The rest of the story will appear in tomorrow's Star-Advertiser.

uniqlo:ioAmong the Uniqlo collaboration 'IOLANI Hawaiian Classics pieces will be men's steteco pants, cooling long underwear intended to wear under trousers or yukata for added comfort during humid summer months. Uniqlo is bringing them back, creating contrast when worn under shorts.

Governor's Fashion Awards honors Hawaii talent

November 1st, 2013


David “Pua” Rochlen of Surf Line Hawaii/Jams World was the winner of the Lifetime Achievement Award at the reinstated Governors Fashion Awards ceremony that took place Oct. 30 at The MODERN Honolulu. Longtime fashion veteran Dale Hope, in a vintage 1965 Sandwich Isles tapa-print jacket presented the award with Gov. Neil Abercrombie.Nadine Kam photos

It was one of the best-dressed events of the year as the Hawaii's fashion industry gathered to honor their own during the reinstated Governor's Fashion Awards ceremony that took place Oct. 30 at The MODERN Honolulu, the dazzling finale to the inaugural Hawai'i Fashion Month.

Before announcing the award winners, Gov. Abercrombie, self-conscious about his age, chuckled as he spoke of having known Surf Line Hawaii founder David Rochlen, and Hilo Hattie inspiration Clarissa "Clara" "Hilo Hattie" Haili.

While it's easy for many of us have grown up with a certain amount of entitlement to bellyache about how hard it is to get ahead these days, he reminded the audience that we can look at behemoths like Hilo Hattie and Surf Line/Jams World today and imagine they were fully formed from the beginning, but he said that was not the case, and in reference to Rochlen, said he had a strong belief in the industry and the confidence to make things happen back in the 1960s when no one was listening.

For the governor, it was an eye-opening experience to watch how a few key people in the business and fashion communities could come together to make a big difference in a few years, such as launching Aloha Fridays to boost sales of aloha wear.


From left, Hilo Hattie's Terri Funakoshi, CEO/President Don Kang and Felix Calvo. The company was named Major Retailer of the Year, and Kang also picked up the award for Outstanding Professional of the Year for his part in rescuing the company following Chapter 11 bankruptcy. Otherwise, the company would likely not have survived to see its 50th anniversary this year.

In their remarks, Hawaii Fashion Incubator co-founders Toby Portner and Melissa White, co-chairs of Hawai'i Fashion Month along with Sen. Will Espero, said it is still their aim to see where the needs and goals of the fashion community intersect, and to bring competitors together to work for the common good of the entire industry.

Industry veteran Dale Hope reiterated that point in his tribute to 'Iolani Sportswear, saying how he was afraid to approach company founder Keiji Kawakami for help, but that it was common in the early days of the industry for competitors to help each other out in times of need, when machines broke or if they needed a loan to get by, and he later learned that Keiji felt fortunate for having been helped by Watumull's.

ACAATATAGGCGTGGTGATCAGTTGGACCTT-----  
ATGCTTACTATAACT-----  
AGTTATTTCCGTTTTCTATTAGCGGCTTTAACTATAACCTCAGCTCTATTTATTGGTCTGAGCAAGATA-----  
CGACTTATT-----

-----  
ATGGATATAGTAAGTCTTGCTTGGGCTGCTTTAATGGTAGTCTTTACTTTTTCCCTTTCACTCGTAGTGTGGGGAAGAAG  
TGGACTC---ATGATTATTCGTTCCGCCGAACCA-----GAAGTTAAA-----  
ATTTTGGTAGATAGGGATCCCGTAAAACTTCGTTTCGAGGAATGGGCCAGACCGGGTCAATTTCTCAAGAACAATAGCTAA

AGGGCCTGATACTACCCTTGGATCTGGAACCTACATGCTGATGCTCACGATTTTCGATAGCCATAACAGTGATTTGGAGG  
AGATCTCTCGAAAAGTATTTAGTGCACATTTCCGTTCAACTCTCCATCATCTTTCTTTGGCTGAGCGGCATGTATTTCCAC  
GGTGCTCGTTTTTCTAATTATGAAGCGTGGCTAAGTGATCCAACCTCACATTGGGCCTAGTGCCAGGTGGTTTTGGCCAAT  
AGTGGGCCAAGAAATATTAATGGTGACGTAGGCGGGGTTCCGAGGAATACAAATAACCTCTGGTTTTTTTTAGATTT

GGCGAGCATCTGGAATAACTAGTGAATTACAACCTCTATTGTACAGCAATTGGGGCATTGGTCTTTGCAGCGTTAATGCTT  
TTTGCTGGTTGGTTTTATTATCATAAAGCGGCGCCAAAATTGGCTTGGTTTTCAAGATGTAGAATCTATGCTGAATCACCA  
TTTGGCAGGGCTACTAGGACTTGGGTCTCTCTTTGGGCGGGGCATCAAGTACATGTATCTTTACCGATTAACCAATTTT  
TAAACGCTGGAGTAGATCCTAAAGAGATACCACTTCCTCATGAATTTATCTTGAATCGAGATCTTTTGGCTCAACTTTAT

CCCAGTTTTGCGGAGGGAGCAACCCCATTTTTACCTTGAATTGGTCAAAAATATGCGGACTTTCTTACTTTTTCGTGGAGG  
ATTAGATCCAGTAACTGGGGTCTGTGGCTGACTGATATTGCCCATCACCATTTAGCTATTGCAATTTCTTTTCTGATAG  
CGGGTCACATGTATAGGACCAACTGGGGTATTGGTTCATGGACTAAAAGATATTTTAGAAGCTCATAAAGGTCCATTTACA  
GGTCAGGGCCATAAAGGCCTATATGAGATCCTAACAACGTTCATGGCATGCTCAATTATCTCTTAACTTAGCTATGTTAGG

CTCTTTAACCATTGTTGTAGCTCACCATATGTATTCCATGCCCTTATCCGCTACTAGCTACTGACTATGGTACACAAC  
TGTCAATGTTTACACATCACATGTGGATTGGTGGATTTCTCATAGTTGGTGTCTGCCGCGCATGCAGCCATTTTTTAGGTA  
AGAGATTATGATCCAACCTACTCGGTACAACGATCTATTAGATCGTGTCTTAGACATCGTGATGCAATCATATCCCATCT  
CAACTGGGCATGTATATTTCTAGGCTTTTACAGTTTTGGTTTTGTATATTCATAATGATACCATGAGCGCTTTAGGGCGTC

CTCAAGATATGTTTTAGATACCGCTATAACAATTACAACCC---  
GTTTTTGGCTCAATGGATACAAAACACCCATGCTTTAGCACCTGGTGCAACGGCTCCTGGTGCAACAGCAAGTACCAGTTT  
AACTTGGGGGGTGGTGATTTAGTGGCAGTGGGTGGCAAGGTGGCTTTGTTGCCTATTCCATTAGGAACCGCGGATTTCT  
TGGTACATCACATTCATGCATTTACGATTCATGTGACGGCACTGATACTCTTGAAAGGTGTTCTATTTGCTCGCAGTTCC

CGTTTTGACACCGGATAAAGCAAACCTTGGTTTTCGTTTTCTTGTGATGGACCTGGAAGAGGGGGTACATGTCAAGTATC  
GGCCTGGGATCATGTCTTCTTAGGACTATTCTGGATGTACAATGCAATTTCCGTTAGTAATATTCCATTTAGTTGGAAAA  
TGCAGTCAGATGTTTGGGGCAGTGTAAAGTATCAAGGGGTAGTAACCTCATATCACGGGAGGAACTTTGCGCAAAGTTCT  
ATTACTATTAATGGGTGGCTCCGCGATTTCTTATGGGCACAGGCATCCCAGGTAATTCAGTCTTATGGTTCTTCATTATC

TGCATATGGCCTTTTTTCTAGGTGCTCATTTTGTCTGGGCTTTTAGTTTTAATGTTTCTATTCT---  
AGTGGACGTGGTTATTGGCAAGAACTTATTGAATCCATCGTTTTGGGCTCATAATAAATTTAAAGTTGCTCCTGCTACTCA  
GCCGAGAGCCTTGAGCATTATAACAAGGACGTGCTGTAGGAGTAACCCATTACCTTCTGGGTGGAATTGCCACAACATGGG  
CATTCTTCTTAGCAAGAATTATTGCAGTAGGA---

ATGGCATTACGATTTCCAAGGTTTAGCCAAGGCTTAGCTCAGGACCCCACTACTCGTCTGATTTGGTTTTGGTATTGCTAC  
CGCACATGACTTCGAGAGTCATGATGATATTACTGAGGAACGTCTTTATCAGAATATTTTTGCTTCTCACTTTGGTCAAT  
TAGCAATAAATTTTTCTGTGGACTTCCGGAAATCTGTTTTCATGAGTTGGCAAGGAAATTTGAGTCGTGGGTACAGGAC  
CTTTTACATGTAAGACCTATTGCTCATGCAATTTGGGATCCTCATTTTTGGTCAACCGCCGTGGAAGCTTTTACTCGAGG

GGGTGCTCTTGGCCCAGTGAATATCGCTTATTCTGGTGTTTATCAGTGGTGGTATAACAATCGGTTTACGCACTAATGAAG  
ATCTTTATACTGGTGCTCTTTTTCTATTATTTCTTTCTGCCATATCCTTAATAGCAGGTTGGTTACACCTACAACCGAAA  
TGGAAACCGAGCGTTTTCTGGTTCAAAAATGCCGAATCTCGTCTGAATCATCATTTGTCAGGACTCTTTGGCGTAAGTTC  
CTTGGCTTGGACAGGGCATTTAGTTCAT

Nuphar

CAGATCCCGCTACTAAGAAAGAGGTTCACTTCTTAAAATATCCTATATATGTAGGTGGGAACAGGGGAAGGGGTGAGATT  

In accepting the Lifetime Achievement Award, David "Pua" Rochlen of Surf Line Hawaii/Jams World said that when he found out about it, he didn't know why he won and thought he was too young to receive it. He humbly acknowledged that he was once told of running the company started by his father, "You did one thing right, you didn't screw it up."

He reminded all that the Hawaii fashion industry is about more than clothing, but offers the opportunity for all of us to connect with a lifestyle, culture, food, and all the things that create a feeling others can't find at home or anywhere else in the world.

He also announced that he is starting a petition to encourage the state to acquire the Nike building in Waikiki to showcase made in Hawaii products to the visitor market year 'round.

Here are the winners of the Governor’s Fashion Awards, announced Wednesday night at The Modern Honolulu at the close of the inaugural Hawai‘i Fashion Month:

>> Major Retailer of the Year: Don Kang, Hilo Hattie
>> Boutique Retailer of the Year: Deborah Mascia, Mu‘umu‘u Heaven
>> Emerging Designer of the Year: Cora Spearman, Coradorables
>> Established Designer of the Year: Rona Bennett and Lan Chung, Fighting Eel
>> Designer, Contemporary: Ari South, Andy South
>> Designer, Aloha: Jamie Makasobe, Ane Bakutis and Hina Kneubuhl, Kealopiko
>> Designer, Couture/Formal: Anne Namba, Anne Namba Designs
>> Designer, Jewelry: Jason Dow, Jason Dow Inc.
>> Photographer: Harold Julian, Harold Julian Photography
>> Wardrobe Stylist: Amos Kotomori, Amos Kotomori Ltd.
>> Beauty Professional: Paul Brown, Paul Brown Salons
>> Outstanding Professional: Don Kang, Hilo Hattie
>> Lifetime Achievement: David “Pua” Rochlen, Jams World

Congratulations to all, the finalists, and all those who put in the work day after day to make Hawaii a more beautiful place to live.


Pua Rochlen with wife Heather and keiki Nacho, David III and Pumehana, surrounded by Surf Line/Jams World 20-year employees. He bought three tables for his loyal 20-year workers.


Carla and Lloyd Kawakami of 'Iolani Sportswear were honored as the company marked its 60th anniversary this year. The family recently lost matriarch Edith Kawakami, but Carla said if she were here, she would remind them that any honors are  not about us as the owners, but about the people who make it happen and the people of Honolulu. (more…)